The Central Bank of Nigeria (CBN), in pursuit of its objective of promoting economic development, in recognition of the significant contributions that Micro, Small and Medium Enterprises (MSMEs) are making to the growth of the economy, has been launching a growing range of initiatives aimed at addressing the financing gap in this sub-sector.

The CBN, in line with its pivotal role in the nation’s financial ecosystem, launched the Micro, Small and Medium Enterprises Development Fund (MSMEDF) on August 15, 2013 with a share capital of N220 billion. The Fund aims to enhance the access of MSMEs to financial services, by channelling single-digit loans at Nine percent interest rate to them, through the Primary Finance Institutions (PFIs).

Amidst cries that end users are finding it impossible to access this facility, one reason being the shortage of collateral among Small Business Owners, the CBN introduced the National Collateral Registry (NCR), to ease delivery of affordable loans to small businesses. Initiated in 2015, a movable asset in this register, with the Bank Verification Number (BVN) of the potential borrower, is expected to stand as collateral for a loan to a Small Business Owner.

Granted that bank executives and fund managers would rather not lend to Micro, Small and Medium Enterprises, because they are high-risk borrowers, this CBN-inspired NCR scheme provides a window for mitigating the risks of lending to them.

In yet another initiative, announced in December 2018, the CBN decided to transform the tottering Nigerian Postal Service (NIPOST) into a National Microfinance Bank.

Reasons: Non-disbursement of intervention funds to MSMEs, and high and “outrageous” interest rates charged by existing microfinance banks.

Under the plan, the Bankers’ Committee will invest N5 billion in equity from its N60 billion Agricultural Small and Medium Enterprises Investment Scheme (AGSMEIS) Fund and NIPOST will contribute its offices in the 774 local governments across Nigeria.

This plan by the CBN to transform NIPOST into a microfinance bank received a new spin on March 6, 2019 when CBN Governor, Godwin Emefiele, at the Gwagwalada Post Office in Abuja, announced that NIRSAL (working with the CBN, Bankers’ Committee and NIPOST) will establish a N5 billion microfinance bank that will have branches in the 774 Local Government Areas in Nigeria, and will offer collateral-free loans with seven-year tenor and two-year moratorium at five percent interest rate.

According to Emefiele, NIRSAL Microfinance Bank now has seven branches, and plans to open 50 in the next phase. “Before the end of this year, we would have moved substantially in making sure that they are set up and able to provide finance to small businesses,” Emefiele said.

NIRSAL, launched in 2011 and incorporated in 2013, by the Central Bank of Nigeria (CBN), the Bankers Committee and the Federal Ministry of Agriculture and Rural Development, is the Nigeria Incentive-Based Risk Sharing System for Agricultural Lending. It de-risks the agriculture value chain, and enables banks to lend to the sector at rates of between 7.5 to 10.5 percent.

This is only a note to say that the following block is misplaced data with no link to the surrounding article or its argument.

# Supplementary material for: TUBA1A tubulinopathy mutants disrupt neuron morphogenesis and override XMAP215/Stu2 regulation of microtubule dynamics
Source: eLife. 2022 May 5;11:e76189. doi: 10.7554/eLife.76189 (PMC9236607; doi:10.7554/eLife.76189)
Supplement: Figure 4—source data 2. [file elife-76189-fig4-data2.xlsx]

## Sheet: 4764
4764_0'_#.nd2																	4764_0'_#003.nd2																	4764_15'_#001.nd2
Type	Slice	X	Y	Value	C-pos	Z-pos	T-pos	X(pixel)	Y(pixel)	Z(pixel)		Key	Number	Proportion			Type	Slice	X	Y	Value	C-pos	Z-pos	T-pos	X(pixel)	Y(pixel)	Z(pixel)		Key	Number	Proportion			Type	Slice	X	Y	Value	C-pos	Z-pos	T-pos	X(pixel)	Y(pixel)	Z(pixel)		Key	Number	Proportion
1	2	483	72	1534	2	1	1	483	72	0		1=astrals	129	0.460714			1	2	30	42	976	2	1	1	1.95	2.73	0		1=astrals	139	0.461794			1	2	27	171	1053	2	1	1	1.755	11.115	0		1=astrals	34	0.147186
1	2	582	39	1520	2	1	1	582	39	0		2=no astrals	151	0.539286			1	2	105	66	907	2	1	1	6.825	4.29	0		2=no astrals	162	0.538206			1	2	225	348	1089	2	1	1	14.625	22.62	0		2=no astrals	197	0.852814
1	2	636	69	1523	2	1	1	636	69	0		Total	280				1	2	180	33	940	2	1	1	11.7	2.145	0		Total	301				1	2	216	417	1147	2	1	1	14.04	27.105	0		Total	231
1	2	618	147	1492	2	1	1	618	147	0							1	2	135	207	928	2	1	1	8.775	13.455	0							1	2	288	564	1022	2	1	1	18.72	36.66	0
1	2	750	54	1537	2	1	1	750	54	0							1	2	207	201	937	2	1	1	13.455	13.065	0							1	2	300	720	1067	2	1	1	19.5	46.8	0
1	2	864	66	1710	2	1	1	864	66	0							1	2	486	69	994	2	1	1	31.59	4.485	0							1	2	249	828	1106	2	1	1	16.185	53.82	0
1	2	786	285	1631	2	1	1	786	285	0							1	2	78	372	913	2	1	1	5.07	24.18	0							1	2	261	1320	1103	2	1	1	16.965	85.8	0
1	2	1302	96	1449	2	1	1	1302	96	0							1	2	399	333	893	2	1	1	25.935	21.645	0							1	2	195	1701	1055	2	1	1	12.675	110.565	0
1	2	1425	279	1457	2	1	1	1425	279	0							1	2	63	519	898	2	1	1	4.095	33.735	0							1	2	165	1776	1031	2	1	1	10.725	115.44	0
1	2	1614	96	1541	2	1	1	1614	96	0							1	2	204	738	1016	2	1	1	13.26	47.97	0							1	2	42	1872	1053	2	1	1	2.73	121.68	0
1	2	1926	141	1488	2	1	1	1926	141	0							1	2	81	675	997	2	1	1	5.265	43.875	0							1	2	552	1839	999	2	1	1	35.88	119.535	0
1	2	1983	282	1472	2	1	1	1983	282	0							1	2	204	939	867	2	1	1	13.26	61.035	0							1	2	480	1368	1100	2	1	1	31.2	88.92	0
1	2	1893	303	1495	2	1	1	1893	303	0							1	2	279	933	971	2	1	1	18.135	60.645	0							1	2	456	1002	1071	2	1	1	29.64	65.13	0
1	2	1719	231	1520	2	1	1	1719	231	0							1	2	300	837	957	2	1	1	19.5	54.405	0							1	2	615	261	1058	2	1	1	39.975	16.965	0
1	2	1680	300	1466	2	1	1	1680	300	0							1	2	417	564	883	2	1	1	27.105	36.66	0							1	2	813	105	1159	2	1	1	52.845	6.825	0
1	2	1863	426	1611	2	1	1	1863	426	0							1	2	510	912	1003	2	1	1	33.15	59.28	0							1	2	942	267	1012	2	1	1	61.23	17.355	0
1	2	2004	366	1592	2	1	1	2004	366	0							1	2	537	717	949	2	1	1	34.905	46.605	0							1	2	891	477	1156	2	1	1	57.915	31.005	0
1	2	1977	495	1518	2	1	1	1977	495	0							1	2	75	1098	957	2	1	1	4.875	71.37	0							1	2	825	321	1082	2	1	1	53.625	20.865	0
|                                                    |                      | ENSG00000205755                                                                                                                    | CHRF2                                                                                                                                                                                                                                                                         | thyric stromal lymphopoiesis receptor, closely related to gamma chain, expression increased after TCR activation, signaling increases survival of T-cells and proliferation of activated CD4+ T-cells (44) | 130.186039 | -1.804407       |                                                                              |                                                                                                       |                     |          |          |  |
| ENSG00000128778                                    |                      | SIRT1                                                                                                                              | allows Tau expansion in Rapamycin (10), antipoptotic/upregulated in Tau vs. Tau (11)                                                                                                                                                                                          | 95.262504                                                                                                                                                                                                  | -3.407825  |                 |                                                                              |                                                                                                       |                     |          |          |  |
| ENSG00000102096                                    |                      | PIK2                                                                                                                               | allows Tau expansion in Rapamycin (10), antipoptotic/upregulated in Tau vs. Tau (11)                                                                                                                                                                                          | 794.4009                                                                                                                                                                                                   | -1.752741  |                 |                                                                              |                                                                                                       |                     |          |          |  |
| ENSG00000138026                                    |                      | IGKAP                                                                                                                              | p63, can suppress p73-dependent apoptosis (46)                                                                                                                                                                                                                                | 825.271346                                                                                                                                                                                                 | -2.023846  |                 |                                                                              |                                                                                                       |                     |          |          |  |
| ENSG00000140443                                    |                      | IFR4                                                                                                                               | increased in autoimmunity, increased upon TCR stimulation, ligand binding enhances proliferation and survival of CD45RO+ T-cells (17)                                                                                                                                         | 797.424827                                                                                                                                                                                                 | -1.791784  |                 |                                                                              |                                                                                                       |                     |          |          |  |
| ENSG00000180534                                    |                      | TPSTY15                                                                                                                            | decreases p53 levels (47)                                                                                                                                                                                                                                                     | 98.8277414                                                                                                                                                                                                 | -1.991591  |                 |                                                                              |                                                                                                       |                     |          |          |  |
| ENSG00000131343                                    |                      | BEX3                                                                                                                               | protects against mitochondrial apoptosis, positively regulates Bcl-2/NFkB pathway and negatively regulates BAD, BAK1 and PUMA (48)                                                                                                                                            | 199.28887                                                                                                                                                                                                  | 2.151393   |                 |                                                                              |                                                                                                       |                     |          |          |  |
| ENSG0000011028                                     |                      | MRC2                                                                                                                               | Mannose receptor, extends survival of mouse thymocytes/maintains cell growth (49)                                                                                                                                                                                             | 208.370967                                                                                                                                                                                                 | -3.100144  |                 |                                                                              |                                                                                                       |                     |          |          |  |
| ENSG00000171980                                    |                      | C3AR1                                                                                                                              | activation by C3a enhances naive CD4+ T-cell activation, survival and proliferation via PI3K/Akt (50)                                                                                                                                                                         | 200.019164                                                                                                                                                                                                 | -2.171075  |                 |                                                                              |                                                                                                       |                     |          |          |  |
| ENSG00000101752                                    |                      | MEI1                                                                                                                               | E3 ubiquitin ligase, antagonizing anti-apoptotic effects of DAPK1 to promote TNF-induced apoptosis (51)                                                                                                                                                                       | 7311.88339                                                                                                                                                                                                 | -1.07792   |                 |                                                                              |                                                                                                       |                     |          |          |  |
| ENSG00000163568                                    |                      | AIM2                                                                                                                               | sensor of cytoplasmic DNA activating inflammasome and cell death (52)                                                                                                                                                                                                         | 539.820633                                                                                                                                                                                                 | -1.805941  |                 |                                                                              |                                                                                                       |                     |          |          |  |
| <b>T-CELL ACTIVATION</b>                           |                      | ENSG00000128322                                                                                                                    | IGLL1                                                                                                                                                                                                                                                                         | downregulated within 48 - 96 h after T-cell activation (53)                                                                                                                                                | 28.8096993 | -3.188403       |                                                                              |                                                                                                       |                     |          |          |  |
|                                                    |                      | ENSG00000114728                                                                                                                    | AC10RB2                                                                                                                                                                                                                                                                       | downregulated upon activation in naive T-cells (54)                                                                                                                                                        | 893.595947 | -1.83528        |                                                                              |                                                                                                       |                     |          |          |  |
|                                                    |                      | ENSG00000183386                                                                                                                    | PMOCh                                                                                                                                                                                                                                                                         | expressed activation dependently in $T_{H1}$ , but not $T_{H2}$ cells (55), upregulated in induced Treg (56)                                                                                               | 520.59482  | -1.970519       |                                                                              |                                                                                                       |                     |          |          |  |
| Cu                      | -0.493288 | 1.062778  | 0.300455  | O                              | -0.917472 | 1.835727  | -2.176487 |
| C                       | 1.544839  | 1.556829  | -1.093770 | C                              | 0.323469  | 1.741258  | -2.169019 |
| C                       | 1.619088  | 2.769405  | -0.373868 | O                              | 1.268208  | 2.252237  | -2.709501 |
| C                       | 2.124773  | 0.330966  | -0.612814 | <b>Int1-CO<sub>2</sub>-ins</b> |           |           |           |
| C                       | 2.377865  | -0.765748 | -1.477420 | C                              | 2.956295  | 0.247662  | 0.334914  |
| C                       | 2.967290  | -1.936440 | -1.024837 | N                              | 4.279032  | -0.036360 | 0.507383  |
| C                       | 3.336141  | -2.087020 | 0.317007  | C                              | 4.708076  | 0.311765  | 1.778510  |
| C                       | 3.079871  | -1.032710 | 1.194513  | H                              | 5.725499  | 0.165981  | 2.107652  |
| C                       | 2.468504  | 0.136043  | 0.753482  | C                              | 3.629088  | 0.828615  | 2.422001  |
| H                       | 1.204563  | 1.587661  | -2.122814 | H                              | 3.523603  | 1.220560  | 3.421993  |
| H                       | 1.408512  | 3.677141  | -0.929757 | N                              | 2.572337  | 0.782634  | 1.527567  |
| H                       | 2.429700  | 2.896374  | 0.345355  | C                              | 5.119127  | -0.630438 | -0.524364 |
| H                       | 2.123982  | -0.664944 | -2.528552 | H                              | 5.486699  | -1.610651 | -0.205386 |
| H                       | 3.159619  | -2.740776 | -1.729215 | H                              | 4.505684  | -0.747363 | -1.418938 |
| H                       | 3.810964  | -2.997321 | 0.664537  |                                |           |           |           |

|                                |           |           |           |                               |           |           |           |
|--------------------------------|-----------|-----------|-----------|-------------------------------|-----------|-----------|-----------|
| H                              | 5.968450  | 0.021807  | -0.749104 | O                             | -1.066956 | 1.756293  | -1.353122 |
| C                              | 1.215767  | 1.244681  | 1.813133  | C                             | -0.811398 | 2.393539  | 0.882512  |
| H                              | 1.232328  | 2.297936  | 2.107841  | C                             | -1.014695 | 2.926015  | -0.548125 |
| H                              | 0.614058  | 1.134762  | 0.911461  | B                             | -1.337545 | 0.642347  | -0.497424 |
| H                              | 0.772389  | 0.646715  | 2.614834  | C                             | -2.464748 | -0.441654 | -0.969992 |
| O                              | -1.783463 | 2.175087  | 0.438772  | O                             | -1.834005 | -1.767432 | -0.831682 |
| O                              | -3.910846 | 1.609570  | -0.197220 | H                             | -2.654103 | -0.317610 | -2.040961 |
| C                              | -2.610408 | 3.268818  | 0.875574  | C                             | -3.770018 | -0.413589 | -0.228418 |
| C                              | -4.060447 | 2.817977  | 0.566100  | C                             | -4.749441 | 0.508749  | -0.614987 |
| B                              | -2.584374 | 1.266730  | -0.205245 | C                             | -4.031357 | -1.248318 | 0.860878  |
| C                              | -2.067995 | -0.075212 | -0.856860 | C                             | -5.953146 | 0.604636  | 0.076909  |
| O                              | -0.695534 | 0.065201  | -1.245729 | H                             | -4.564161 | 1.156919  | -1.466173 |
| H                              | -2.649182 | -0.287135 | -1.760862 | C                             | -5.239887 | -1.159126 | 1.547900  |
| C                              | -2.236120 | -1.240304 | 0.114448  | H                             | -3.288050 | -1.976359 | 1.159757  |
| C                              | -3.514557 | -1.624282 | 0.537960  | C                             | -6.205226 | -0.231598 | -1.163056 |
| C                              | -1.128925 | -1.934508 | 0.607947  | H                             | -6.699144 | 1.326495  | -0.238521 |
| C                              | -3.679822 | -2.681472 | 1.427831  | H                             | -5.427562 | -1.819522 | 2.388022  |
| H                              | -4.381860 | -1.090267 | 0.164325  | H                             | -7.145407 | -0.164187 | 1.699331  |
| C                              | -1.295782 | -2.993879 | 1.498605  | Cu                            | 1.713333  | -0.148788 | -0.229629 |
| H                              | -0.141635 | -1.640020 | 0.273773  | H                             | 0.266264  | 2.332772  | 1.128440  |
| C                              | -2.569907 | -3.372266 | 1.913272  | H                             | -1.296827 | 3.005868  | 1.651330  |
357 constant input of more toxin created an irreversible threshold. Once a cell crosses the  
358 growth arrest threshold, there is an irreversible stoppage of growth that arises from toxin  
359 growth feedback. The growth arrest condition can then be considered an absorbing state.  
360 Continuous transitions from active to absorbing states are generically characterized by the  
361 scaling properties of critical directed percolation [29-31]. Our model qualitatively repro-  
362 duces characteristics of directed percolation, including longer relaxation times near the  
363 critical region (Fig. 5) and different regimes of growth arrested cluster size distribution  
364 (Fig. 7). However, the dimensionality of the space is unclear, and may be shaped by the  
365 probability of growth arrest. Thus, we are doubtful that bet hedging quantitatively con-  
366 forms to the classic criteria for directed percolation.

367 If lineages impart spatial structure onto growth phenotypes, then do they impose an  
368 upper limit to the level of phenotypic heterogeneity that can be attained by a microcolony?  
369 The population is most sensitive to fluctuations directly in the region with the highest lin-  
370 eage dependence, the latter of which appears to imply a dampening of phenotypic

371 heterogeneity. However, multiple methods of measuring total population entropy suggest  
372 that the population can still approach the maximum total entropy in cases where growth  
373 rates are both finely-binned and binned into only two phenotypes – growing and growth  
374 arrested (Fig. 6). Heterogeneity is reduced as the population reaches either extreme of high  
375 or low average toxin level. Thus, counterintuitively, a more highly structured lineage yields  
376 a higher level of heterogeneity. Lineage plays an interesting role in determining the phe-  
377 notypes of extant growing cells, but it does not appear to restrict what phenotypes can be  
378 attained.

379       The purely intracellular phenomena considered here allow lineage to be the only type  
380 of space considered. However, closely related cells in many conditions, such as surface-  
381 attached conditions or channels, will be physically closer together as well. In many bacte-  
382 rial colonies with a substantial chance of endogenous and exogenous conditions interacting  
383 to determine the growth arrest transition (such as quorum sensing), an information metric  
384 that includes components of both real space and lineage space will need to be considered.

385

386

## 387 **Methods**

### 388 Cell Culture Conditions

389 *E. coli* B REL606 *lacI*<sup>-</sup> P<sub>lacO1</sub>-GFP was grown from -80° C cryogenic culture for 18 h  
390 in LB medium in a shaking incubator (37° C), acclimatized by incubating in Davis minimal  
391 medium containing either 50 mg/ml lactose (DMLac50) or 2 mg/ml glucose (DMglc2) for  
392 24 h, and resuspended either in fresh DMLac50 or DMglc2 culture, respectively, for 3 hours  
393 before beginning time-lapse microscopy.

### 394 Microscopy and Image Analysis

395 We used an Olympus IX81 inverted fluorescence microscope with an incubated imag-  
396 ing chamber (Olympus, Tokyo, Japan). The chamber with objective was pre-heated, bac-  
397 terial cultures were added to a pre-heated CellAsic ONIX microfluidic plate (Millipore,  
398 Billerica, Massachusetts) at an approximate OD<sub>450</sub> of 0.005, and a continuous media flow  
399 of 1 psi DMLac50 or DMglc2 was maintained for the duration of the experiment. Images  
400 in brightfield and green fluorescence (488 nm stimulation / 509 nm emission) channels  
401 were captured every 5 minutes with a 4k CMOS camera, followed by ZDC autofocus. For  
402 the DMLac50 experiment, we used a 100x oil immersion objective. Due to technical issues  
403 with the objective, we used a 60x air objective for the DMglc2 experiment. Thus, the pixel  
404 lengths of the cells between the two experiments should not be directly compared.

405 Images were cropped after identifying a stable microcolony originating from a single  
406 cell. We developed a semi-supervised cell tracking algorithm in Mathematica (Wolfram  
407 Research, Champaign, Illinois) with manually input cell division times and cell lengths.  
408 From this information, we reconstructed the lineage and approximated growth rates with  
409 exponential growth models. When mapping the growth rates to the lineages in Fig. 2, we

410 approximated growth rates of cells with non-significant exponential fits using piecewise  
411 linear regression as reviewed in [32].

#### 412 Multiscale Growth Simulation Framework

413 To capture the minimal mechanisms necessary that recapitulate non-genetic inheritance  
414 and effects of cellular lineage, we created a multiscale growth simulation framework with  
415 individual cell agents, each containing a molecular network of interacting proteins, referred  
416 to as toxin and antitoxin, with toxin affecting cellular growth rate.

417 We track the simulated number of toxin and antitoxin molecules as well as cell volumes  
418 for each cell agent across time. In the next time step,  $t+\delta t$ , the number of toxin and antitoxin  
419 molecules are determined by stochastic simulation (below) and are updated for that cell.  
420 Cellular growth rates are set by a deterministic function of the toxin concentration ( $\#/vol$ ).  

Sadly, in spite of this flurry of initiatives, despite these and other interventions by the Central Bank of Nigeria, the funding of MSMEs remains an issue. In fact, the CBN Governor recently estimated the financing gap for MSMEs at N48.3 trillion!

According to estimates, less than five percent of the 37.07 million Micro, Small and Medium Enterprises (MSME) in Nigeria have been able to access loans or overdrafts from financial institutions.

Furthermore, Central Bank of Nigeria figures show that out of aggregate loans of N135.9 trillion disbursed to the economy between 2011 and 2015, only N159.75 billion, representing 0.1 percent, went to SMEs.

Ironically, these are happening at a time when the widening basket of funds earmarked for Micro, Small and Medium Enterprises, across various segments, currently amount to N3 trillion.

Even more worrisome is the case of the N220 billion MSME Fund. This scheme, designed by the CBN to assist MSMEs does not seem to be working as planned. Instead, it has become a subject of altercation.

While a recent CBN count indicates that the MSME Fund, heading into its sixth year, has disbursed N170 billion, leaving N50 billion on the table, the supposed end users dispute the claim, and are demanding for publication of the list of MSMEs that have benefitted from the Fund to date.

With the myriad of complaints coming from the target beneficiaries of the Fund, it is clear that its objectives are far from being achieved, and the expected benefits are dreams deferred.

The plain truth is that the funds already set aside and/or said to be available are not translating to their being accessible to the target end users, and MSMEs continue to face the challenges of poor access to finance and high cost of borrowing.

One thinks that getting current schemes to deliver on their mandates should be the focus of the CBN, not the introduction of new schemes that may suffer the fate of earlier ones that were either badly planned or being implemented poorly.